Rainforest anywhere carries its challenges for birders - and I had to rely on my own resources for bird identification, and of course didn't know the calls - but for some reason Borneo seems to demand especially hard work to find birds. It seems that although the diversity is undoubtedly there (over 670 species recorded), overall numbers are strangely low. Various theories have been offered, but none of them seem very convincing; it really is quite odd.

It's not just rainforest either; it's strange to see no lapwings along roadsides, no kites or vultures overhead and no ducks. (They exist, but I saw one flying overhead in my entire time there.) Gardens,even near rainforests, are also surprisingly quiet.

In addition to the lowland forests shown above, there are montane forests on the mountain ranges too.
Lianas in montane forest, Kinabalu National Park Headquarters (1560 metres above sea level).

Chestnut-hooded Laughing-thrush Garrulax treacheri, a widespread and most attractive
bird of the montane forests.
Rajah Brooke Birdwing Trogonoptera brookiana, also at the Kinabalu NP HQ.
An incredibly dramatic inhabitant of the dark rainforest where the electric blue shines against the
black of its forewings.
(I am actually a little perplexed by this one; it is described as having 'electric green' flashes on the wings and this looks more like T. trojana, but that is endemic to the Philippines. Any pointers gratefully received!)
 Higher up still are the misty cloud forests; the best-known - and some of the best - examples are to be found on Mount Kinabalu, but we were there only days after the tragic earthquake and landslides closed the upper mountain for months.
Mount Kinabalu above Kundasang; the scars on the slopes mark where landslides destroyed the forests.
Cloud forest on Gungung Alab, Crocker Range, Sabah.

Bamboos in the same cloud forest.
A diverse understorey including ferns, orchids and lycopods on Gungung Alab.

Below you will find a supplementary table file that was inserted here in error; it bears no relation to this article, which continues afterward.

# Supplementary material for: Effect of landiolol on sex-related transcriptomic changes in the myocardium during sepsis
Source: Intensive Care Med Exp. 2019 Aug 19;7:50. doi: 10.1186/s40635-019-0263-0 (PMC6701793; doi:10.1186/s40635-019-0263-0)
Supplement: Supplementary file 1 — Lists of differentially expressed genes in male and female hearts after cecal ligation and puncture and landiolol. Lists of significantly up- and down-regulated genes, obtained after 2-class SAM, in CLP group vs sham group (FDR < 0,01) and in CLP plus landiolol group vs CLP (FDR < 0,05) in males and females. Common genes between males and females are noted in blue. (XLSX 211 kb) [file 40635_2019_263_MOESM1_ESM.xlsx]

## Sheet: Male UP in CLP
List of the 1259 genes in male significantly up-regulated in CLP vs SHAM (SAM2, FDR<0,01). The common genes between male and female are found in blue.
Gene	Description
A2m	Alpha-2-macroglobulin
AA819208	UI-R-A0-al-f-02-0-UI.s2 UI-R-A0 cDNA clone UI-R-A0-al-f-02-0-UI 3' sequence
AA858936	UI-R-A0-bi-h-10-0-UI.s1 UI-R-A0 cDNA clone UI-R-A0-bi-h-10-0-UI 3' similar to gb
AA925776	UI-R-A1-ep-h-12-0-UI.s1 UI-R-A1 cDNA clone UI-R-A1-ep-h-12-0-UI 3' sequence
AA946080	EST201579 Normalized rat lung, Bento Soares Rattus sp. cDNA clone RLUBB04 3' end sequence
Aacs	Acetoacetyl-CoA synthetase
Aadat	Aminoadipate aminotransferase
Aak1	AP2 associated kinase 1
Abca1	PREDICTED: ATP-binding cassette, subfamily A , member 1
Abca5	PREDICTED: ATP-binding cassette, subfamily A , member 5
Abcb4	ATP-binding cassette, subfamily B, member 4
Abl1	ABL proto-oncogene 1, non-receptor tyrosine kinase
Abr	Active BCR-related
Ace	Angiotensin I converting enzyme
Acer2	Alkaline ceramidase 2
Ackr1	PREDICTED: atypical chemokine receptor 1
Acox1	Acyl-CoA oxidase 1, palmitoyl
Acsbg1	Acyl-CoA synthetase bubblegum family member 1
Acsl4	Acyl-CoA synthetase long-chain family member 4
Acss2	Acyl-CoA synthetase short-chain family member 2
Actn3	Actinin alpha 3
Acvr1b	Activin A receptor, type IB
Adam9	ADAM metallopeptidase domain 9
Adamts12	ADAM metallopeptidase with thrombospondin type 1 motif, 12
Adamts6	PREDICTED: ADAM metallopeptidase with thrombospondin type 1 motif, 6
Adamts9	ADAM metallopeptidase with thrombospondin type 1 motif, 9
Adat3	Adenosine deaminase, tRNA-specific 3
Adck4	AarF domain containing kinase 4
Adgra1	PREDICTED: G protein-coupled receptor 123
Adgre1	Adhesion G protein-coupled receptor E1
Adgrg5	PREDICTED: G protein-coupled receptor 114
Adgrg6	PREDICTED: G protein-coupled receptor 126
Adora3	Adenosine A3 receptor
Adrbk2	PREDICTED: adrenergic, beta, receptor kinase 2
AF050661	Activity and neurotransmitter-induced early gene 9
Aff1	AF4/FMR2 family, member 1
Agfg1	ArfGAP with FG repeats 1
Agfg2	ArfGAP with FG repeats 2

Scattered around the coast are low-nutrient peat swamp forests, which are low in wildlife diversity even by Bornean standards, but which have their own specialist species.
Klias Peat Forest, Sabah.
Among the specialties of these nutrient-poor soils are the wonderful pitcher plants, which supplement their nitrogen intake by trapping and digesting small animals (which can include smaller vertebrates).
Nepenthes bicalcarata, Klias Peat Forest.
These amazing plants warrant - and will receive - their own posting in due course, but briefly,
the pitcher forms from an extension of the leaf mid-rib beyond the end of the leaf.
The lid keeps the liquid within from being too diluted; it is both sweet to attract insects, and with surface
properties that prevent insects from climbing out.
Moreover the inside is coated with waxy material almost impossible to climb, and the rim can
have downward-pointing spikes around it. The liquid is not digestive; the victim simply drowns and decomposes.
Borneo is pretty much the world hot-spot for them.
Adjoining the peat forests are mangroves, almost all around the coast (originally at least).
Mangroves, Pulau Tiga, an island off the coast of Sabah.
Proboscis Monkeys, among many other species, are mangrove specialists.
For the traveller - including naturalists - infrastructure is generally good, with an excellent road system and good hotels and lodges. People are friendly and food is excellent. By western standards things are pretty cheap, at least away from the tourist honey-traps. For some strange reason, though Sabah and Sarawak are just two states of the same country, travelling between them involves all the rigmarole of international travel, including having passports stamped by immigration officials; allow time for this!

Well, I think that will do for an overview; more detail in weeks to come. But if the opportunity arises to go there, please seize it!

BACK ON TUESDAY

2 comments:

Les Mitchell said...

Re the birds, Ian, it is interesting also that Borneo has less than half the bird species of Ecuador yet it is 2.5 times larger in area. Admittedly it lacks the landscape diversity of Ecuador and is an island which we know affects species richness. I would agree that birds in Borneo are a greater challenge to see than in Ecuador though that may depend on where you go. Did you go along the Kinabatangan River or Danum Valley where I saw more species than elsewhere? But nowhere did I find particularly bird rich gardens adjacent to rainforest as is the case in Costa Rica and Ecuador. On my 2 trips to Malaysia the best birding by far was Bukit Fraser in the highlands north east of Kuala Lumpur.

Ian Fraser said...

I think it's probably a bit unfair to compare anywhere with the extraordinary biodiversity of Ecuador Les, but I take your point. I've since added this sentence to the posting above, which I think is pertinent. "It's not just rainforest either; it's strange to see no lapwings along roadsides, no kites or vultures overhead and no ducks. (They exist, but I saw one flying overhead in my entire time there.) Gardens,even near rainforests, are also surprisingly quiet." I didn't go to those great areas you mention in eastern Sabah, and would definitely include them next time. The best birding I did was around the clearings and buildings at Bako NP, and that was mid-afternoon!